And then the kicker. The phrase that can sound trite and minimizing unless you know it is spoken from either a sage or a savior:


Do not be afraid.

 

I ache with injustice when I look out our living room windows today. Where I used to watch the vultures. Where now there is nothing but sky. I run through a litany of shoulds and should-nots:


Someone should have trimmed that tree years ago.


That house should not be sitting empty.


The deceased owner’s kids should figure out how to reconcile.


For years the tree was a symbol of untamed beauty; its absence is a sign of a culture at war with its own good. We live in a time of impatience and impermanence, division and despair. Wendell Berry told us to plant sequoias, and Mary Oliver reminded us that our lives are wild and precious, but it is nearly always easier to sever and destroy than it is to steward and cultivate. Taking good care of anything or anyone is inevitably a great deal of labor and pain.


It is easier, then, not to love.


If we do not love, we reason, there will be no reason to feel so sad.

 

There are nights I wake up shaking in a cold sweat. I lost my voice back in May, and though it returned for a few summer weeks in July, it left again in August, leaving me with nothing but a thin, reedy whisper. I parented via white board and interpretive dance, unable to be heard over the purr of a car’s engine, a running faucet, or the wind in the trees.


The latest specialist discovered that one of my vocal cords is paralyzed, though he doesn’t yet know why. I’ve been prescribed exercises, vocal therapy, lozenges, patience. Maybe the laryngitis is linked to the other lights that are blinking on the dashboard of my forty-year-old body; maybe not. Maybe it’s something really serious; maybe it isn’t. So much of life is uncertain, but as I wait and wait and wait to speak again with fullness, the weeks of unknowing begin to feel personal. Cruel.

Taking good care of anything or anyone is inevitably a great deal of labor and pain.

I demand answers from God and am given a ragged new hole in the sky. Weeks of laryngitis. Vultures that don’t return.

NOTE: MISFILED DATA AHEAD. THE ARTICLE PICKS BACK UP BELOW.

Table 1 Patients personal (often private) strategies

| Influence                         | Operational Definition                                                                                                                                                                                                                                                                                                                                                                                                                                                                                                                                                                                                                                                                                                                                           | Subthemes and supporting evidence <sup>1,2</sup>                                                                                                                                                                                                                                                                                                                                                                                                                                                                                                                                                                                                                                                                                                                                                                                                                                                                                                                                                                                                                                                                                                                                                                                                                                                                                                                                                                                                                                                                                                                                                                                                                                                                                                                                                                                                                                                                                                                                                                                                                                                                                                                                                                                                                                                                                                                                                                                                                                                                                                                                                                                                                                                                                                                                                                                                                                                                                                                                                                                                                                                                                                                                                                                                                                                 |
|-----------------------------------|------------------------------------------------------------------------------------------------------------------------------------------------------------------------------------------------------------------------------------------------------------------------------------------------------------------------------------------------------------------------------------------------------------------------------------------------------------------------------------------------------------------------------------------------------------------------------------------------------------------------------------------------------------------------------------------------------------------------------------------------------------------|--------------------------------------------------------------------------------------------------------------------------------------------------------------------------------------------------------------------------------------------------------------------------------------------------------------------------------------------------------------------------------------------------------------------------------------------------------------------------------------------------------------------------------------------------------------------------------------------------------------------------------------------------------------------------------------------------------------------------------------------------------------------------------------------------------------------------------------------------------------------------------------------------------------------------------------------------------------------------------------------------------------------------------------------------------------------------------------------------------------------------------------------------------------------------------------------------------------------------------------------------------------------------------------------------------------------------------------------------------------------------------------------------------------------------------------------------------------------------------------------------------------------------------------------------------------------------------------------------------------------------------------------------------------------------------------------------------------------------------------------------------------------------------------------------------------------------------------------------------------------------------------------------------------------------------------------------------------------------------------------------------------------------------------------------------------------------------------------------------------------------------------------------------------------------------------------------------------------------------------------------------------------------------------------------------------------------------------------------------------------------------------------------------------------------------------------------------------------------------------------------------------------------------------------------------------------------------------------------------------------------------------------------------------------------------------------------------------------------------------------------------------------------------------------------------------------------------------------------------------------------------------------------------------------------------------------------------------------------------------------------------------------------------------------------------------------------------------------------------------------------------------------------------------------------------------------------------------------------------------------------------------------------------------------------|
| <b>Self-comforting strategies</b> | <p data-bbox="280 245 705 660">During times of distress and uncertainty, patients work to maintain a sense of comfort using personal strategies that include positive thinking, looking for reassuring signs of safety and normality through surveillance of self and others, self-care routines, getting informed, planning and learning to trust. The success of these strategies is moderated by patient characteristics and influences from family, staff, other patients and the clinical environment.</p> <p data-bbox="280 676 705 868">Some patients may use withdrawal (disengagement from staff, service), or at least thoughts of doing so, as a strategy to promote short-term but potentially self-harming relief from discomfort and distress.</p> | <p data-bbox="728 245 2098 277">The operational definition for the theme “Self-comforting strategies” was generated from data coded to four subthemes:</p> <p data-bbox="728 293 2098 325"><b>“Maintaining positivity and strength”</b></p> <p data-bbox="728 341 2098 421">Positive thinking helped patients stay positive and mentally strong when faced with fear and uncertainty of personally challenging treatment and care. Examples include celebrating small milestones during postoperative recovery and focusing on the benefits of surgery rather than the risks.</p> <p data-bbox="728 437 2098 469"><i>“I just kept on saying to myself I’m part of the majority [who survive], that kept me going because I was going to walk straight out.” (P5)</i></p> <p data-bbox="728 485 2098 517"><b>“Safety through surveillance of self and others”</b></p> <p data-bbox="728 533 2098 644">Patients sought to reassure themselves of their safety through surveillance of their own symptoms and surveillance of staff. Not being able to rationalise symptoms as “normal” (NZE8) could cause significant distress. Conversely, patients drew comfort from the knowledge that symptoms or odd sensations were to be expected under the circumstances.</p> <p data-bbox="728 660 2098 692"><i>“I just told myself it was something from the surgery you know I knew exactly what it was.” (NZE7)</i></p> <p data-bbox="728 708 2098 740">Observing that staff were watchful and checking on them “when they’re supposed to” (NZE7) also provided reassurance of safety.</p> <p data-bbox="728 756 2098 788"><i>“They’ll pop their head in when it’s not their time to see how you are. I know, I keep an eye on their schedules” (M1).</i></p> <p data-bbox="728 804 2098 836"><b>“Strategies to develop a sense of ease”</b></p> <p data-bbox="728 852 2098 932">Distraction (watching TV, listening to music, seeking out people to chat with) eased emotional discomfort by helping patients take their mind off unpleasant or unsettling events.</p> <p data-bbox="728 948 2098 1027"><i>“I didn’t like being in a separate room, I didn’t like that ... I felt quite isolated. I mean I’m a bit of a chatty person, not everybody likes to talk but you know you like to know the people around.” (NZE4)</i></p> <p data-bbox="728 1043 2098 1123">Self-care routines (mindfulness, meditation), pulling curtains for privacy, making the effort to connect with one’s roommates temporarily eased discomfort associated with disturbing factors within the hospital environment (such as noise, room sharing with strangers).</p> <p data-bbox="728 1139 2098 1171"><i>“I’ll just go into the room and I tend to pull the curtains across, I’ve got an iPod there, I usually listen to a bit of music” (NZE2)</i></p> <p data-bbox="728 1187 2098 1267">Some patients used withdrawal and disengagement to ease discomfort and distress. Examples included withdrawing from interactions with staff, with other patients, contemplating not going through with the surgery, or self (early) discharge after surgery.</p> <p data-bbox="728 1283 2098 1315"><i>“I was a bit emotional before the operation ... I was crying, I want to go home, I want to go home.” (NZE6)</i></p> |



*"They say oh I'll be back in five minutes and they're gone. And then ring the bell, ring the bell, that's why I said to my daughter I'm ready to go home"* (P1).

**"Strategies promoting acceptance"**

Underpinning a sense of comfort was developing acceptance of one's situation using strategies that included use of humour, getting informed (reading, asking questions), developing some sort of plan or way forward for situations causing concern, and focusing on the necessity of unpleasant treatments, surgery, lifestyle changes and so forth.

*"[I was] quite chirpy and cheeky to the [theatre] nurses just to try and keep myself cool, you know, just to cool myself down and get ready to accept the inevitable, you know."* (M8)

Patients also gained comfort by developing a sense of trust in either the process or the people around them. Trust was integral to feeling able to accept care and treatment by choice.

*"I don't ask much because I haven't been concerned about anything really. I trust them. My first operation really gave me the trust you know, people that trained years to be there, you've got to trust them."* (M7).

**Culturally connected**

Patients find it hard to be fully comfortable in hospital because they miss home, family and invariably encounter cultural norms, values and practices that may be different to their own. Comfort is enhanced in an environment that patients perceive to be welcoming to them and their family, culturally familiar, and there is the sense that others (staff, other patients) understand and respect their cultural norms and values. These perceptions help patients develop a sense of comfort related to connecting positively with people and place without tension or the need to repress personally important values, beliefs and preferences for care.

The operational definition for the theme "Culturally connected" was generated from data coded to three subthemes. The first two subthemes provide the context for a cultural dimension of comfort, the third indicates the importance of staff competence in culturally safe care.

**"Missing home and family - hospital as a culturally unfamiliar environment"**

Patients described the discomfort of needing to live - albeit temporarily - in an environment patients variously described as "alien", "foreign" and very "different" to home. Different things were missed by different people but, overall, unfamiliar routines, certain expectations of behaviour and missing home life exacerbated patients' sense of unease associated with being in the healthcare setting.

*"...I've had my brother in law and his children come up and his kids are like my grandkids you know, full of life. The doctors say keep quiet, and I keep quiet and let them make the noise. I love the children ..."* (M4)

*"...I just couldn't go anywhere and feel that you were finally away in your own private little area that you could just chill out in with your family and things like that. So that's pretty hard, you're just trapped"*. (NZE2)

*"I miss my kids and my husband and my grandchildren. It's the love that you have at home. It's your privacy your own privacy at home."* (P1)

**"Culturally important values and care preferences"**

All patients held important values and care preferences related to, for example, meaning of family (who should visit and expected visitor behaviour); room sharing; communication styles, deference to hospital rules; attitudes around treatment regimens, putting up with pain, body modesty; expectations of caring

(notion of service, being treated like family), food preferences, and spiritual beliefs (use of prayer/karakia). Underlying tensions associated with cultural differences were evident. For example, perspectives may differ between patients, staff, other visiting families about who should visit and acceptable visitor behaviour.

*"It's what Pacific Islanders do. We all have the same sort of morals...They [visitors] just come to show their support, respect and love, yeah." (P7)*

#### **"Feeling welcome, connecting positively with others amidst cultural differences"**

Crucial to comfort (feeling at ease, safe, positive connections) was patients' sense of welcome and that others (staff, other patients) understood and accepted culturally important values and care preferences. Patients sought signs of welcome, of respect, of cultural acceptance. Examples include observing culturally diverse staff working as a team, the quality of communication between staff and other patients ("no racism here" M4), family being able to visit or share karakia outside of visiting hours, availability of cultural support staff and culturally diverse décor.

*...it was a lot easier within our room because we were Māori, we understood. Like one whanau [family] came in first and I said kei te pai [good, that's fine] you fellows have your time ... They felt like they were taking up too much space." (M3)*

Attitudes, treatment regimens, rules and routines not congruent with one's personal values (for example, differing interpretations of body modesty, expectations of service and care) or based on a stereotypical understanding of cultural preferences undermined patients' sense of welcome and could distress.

Beautiful things and terrible things. Wild and precious. Plant sequoias.


When Job rails at God after suffering and trauma is heaped upon him, God points him toward the created world as proof of love.


“Where were you?” God asks.


And Job and I are silent.


In my weeks of quietude I’ve felt brave and beaten, stoic and sullen, angry and accepting, sometimes from one half-second to the next. After the kids are tucked in for the night, I sit in our living room and gaze at the hole in the sky. I can glimpse the mountains now, their mournful rise peeking a few inches above the roof of the abandoned house.


In The End of Suffering, Scott Cairns ponders the death of his two dogs, noting that in the grand scheme of the universe, people would be right to question whether he should spend so much sadness on pets, even ones as beloved as these.


But maybe, he muses, it is our suffering that makes us most human and therefore, most able to receive from God. He writes, “The blessed pilgrim is able–even through his or her tears–to taste and see that the Lord is good, that even our pain is remedial, that even our suffering is grace.”


Maybe it is because there are indeed reasons to be so sad that we are slowed down enough to experience this goodness—one that would easily be missed if we kept running at top speed. It isn’t a mathematical equation that comes out with a sum of glory and ease. It is, instead, a holy mystery that sits heavy in the heart.


I don’t have any answers, not really, but I continue to bear witness to the beautiful and the terrible, and to cast my fears heavenward through that hole in the sky.